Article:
that’s not going to change one iota for any professional athlete choosing between $20 million per year offers. But in the case of LeBron and Wade, maybe even Chris Bosh, we’re probably talking about their decisions affecting the way the modern history of will be written, the way their careers will be assessed, criticized and/or celebrated. So, Bosh is not only weighing whether he wants to live in Cleveland, Miami or Chicago, but whether playing with LeBron James in Cleveland (or Wade in Miami) is better than playing without either in Chicago. Making these decisions in partnership with another person who has a million considerations of his own would be impossible for me. During my own personal debate, I didn’t really need to take into account how competing with the Chicago Sun-Times’s Jay Mariotti was going to affect my life.
Ultimately, I think whoever is in Wade’s ear last is going to win him over, and right now he’s physically in Miami. I can’t imagine him, while in South Florida, telling Pat Riley goodbye, not even to go to Chicago where he’d return a conquering hero. If you took a vote in that city as to which player natives prefer, Wade or LeBron, the bet here is Wade would win comfortably because that’s the way Chicagoans are wired. LeBron, in any basketball circle, would be considered the better player but Wade is ours. There would be so much more pressure on LeBron to win in Chicago (or anywhere else) than there would be for him to win in Cleveland, where the love for one of their own is closer to unconditional. While following this story as closely as I’ve followed anything in years, and in the process talking to agents and executives and other players, I’ve changed my mind a half-dozen times about where I think each is going to wind up, so not nearly as much as they have. I’m at the point now where I think Wade is going to stay in Miami and LeBron is going to stay in Cleveland, and what that probably speaks to is life being pretty damn good where each man already is. (I keep hearing Kornheiser tell me “If people can make you happy where you are, then stay.”) Maybe the only thing more difficult than going home again is leaving home. Meanwhile, my home town, as happened at the end of the Olympic bidding, appears likely to be shunned again.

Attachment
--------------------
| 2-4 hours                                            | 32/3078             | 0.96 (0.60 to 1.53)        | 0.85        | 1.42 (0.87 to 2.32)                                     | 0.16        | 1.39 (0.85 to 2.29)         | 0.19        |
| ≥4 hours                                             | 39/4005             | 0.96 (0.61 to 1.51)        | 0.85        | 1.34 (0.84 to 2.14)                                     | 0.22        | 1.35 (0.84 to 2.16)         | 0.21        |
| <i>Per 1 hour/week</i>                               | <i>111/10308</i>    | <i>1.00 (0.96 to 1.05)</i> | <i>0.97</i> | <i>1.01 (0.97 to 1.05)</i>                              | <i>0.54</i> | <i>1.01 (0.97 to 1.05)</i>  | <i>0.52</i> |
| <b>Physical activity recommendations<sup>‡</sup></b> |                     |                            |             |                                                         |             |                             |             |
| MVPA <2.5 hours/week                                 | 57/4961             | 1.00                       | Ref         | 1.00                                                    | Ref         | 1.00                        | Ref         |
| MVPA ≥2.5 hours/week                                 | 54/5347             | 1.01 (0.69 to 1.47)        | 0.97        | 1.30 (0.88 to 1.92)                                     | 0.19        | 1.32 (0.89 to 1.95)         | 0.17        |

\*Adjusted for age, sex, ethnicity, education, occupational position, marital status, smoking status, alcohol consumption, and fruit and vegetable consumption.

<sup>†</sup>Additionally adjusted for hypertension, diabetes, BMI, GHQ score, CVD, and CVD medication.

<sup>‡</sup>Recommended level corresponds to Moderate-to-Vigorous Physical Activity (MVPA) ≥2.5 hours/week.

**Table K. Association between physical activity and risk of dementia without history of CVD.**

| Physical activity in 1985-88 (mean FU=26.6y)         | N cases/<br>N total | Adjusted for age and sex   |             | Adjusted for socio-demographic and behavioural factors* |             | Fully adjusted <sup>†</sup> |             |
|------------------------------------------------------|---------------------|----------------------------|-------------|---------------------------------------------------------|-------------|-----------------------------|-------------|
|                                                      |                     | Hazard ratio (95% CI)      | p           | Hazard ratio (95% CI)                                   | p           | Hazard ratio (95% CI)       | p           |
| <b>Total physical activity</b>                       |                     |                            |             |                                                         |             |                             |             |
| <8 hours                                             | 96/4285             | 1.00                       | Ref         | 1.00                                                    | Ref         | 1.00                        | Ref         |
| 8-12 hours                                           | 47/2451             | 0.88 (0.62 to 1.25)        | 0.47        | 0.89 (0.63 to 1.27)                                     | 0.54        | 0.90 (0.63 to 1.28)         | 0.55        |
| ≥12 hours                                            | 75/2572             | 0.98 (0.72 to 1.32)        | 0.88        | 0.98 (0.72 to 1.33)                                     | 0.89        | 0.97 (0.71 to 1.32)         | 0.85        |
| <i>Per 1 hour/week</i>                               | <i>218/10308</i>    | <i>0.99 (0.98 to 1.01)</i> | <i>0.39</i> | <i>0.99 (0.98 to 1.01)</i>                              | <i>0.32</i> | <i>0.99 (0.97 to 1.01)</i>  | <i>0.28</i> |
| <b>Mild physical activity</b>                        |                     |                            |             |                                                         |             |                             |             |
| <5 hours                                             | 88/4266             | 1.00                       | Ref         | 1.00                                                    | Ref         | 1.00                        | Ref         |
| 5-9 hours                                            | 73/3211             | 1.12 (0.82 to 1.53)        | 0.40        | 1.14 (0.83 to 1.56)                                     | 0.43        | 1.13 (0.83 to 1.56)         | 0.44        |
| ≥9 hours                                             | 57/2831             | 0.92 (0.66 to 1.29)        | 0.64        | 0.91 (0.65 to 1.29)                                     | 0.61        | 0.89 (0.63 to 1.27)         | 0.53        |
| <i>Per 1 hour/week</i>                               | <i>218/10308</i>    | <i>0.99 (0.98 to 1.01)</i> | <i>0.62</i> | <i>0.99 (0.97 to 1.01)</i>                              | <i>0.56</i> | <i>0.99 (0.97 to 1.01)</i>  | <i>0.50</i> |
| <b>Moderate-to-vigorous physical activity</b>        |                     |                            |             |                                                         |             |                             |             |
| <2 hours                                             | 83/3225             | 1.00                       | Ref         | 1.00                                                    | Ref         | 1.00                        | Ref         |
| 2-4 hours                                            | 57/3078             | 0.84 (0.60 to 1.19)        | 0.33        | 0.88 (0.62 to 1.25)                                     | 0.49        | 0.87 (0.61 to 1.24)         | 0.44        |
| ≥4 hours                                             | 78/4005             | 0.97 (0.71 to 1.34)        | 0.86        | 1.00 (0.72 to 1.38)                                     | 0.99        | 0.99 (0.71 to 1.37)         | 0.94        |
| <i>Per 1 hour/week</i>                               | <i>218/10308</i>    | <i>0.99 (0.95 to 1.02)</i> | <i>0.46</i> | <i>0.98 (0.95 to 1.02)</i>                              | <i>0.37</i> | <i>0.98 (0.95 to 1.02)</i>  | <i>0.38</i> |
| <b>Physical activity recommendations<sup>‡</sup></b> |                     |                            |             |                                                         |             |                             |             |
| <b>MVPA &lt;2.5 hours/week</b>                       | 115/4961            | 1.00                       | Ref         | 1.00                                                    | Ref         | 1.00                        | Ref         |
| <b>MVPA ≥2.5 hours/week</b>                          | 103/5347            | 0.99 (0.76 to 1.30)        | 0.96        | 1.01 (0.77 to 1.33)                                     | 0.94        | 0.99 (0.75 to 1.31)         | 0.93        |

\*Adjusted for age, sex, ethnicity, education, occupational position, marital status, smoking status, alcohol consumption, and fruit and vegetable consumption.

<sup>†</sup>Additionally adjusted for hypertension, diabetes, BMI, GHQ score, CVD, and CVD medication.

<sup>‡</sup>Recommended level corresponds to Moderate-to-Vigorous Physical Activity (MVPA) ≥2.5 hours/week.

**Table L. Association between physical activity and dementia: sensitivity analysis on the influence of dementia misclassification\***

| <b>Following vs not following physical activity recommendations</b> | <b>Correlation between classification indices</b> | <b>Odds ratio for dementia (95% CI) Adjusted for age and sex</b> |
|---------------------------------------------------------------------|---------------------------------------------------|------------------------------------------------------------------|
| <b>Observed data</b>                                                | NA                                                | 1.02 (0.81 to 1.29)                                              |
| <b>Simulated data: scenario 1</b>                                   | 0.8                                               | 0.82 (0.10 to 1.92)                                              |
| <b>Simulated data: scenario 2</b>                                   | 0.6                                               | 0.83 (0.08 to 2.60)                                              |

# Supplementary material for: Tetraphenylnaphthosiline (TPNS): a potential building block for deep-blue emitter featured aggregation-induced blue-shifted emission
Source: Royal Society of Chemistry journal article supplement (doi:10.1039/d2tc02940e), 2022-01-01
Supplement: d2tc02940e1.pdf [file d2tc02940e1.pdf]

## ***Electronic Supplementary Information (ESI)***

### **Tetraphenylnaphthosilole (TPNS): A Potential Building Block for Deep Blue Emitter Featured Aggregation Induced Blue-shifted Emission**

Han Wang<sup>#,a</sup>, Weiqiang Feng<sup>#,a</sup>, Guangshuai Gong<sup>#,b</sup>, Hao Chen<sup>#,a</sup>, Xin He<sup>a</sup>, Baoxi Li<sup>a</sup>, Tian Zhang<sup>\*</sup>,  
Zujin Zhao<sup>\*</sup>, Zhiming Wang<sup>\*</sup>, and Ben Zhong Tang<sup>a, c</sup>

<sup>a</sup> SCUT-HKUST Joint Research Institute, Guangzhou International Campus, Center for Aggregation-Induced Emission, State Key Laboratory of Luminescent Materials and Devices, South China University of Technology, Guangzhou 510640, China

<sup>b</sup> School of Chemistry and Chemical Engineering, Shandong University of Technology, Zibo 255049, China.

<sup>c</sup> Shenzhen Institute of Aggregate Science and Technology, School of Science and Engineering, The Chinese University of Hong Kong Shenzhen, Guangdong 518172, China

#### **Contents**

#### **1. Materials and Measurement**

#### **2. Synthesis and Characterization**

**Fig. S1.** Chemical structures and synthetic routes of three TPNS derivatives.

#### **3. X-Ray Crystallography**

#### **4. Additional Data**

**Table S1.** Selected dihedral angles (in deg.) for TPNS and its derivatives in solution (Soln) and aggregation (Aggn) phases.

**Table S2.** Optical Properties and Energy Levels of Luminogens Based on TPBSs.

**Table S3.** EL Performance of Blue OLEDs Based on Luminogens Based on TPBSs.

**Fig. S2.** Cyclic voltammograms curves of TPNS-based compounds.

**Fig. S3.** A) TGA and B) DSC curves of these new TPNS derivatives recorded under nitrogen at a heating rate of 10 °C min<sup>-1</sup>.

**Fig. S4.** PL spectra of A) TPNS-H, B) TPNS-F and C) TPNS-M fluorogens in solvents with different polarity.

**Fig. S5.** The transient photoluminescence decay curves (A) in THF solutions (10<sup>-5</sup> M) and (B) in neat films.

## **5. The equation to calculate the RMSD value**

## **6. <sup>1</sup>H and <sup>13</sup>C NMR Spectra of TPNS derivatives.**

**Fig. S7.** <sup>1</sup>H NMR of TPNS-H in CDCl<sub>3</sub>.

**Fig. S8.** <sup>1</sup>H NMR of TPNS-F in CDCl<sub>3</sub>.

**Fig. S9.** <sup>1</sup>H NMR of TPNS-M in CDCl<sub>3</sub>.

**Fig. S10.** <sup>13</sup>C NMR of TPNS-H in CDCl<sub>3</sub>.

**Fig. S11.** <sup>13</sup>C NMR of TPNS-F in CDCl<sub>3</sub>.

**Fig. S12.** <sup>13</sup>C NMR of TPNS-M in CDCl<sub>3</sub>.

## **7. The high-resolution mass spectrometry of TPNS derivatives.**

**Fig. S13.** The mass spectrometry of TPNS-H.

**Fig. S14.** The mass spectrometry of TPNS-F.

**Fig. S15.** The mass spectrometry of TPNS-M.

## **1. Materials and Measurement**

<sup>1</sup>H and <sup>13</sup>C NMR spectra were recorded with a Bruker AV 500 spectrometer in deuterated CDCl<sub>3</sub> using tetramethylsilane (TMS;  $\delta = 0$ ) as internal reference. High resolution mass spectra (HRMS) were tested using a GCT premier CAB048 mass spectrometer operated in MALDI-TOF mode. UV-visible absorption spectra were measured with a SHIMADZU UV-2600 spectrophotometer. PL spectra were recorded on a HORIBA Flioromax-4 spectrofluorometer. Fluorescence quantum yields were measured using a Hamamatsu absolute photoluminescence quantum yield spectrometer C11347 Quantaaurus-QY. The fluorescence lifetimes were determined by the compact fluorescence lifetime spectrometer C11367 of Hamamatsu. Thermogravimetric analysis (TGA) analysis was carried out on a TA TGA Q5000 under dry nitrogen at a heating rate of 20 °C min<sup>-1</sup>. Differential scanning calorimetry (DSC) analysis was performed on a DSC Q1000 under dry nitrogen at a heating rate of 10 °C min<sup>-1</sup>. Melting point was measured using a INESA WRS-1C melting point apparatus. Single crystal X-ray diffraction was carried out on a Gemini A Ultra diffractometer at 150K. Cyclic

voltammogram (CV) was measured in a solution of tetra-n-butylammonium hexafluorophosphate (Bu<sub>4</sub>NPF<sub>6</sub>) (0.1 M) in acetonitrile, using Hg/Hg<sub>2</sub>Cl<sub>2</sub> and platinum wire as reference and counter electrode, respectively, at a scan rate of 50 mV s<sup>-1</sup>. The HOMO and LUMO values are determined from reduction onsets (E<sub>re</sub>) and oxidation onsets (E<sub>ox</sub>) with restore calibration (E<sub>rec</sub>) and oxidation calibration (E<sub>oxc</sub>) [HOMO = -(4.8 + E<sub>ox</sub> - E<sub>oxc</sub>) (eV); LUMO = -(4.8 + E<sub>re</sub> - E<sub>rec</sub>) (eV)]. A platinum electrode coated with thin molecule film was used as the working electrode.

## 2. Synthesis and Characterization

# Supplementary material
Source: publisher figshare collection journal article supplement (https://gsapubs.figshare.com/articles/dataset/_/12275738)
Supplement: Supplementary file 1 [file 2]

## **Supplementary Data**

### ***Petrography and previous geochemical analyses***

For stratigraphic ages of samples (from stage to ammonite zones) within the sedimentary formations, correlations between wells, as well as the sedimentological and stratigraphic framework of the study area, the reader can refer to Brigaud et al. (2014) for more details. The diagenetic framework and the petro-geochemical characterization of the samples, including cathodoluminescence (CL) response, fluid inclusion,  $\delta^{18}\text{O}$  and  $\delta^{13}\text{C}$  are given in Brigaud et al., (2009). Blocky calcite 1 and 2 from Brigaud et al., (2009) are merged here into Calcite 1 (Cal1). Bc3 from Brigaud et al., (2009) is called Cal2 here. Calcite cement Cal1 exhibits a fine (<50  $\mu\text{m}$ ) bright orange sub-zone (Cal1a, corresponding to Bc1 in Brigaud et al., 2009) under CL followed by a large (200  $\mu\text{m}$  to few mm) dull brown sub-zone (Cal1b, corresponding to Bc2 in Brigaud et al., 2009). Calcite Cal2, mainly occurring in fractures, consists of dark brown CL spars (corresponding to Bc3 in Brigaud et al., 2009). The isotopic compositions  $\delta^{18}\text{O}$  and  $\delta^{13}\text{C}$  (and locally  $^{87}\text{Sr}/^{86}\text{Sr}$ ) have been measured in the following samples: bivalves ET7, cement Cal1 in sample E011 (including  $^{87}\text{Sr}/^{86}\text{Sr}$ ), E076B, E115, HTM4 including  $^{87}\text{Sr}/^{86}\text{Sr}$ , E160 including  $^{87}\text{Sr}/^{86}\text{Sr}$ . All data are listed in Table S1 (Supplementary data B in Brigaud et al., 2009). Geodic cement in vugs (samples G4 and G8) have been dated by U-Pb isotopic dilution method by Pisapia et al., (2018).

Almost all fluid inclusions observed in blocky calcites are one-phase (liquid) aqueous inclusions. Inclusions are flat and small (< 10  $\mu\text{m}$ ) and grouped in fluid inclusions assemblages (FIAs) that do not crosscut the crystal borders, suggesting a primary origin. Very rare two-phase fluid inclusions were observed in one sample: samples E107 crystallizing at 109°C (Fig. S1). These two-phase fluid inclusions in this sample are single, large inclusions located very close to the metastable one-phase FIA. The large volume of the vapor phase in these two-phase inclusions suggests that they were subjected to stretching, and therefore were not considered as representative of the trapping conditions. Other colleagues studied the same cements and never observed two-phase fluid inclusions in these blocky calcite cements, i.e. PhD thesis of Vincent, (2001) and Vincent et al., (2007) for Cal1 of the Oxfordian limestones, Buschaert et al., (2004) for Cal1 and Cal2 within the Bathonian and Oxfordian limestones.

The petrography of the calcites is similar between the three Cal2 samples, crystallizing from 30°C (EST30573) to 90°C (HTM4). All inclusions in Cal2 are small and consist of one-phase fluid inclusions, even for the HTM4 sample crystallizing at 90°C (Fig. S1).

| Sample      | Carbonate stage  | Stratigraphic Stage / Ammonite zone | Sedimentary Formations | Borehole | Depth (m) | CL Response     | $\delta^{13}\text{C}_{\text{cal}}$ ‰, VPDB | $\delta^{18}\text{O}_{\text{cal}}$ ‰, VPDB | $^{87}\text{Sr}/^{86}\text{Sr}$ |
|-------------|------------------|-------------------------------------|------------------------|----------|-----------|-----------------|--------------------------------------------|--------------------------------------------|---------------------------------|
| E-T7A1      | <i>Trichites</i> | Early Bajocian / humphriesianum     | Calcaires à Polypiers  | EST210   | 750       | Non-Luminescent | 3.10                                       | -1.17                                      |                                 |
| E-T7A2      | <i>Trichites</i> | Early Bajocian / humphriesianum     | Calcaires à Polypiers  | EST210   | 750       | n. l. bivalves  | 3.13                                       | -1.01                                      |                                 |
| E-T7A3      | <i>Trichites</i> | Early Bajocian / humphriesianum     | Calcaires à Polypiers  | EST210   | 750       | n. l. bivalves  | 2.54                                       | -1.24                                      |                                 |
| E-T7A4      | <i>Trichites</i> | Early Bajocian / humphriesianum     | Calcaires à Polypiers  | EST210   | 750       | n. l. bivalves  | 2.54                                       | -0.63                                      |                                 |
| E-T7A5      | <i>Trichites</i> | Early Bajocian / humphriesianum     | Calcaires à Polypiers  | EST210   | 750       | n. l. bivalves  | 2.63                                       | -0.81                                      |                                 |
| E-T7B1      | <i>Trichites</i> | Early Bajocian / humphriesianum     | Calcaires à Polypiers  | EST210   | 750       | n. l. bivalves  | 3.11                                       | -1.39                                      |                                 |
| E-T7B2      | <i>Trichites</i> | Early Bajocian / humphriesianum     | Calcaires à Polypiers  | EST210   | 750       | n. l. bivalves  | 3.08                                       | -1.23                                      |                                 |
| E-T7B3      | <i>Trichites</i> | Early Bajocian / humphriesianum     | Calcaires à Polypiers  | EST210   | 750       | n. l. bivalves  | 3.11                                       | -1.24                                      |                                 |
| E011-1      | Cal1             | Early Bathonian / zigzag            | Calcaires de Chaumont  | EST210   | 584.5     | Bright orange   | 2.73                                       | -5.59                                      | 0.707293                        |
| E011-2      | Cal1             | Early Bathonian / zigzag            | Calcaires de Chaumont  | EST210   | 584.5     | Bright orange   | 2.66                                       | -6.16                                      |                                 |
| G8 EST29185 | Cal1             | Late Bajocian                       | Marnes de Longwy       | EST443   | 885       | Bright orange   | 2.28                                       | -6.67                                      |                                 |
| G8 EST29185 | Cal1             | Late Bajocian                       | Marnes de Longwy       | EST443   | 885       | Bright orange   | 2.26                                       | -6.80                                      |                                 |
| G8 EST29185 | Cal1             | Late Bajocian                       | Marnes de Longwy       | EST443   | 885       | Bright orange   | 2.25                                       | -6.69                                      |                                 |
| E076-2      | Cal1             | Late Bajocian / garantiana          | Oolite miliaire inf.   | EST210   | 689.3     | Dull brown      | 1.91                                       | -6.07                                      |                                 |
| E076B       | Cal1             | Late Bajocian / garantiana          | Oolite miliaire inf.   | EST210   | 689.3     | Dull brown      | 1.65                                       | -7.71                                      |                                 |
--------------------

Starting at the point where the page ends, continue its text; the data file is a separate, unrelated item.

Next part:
I remember at the most stressful point of my own ordeal thinking I couldn’t make a bad decision, which was of great comfort. Don Graham was the best boss in the world. My editors, Len Downie and George Solomon, were my Micky Arison and Riley, to continue the Wade analogy. I stayed in Washington, happily as it turned out. It could only have been a fraction as complicated as the stuff Wade and LeBron are navigating, though it was my whole life at the time. The free agent drama has been pretty good theater since before the end of the playoffs, even during the NBA Finals. Decisions are going to be announced soon. It’s fair to wonder if either man believes now, or in 10 years, that he couldn’t make a bad one.”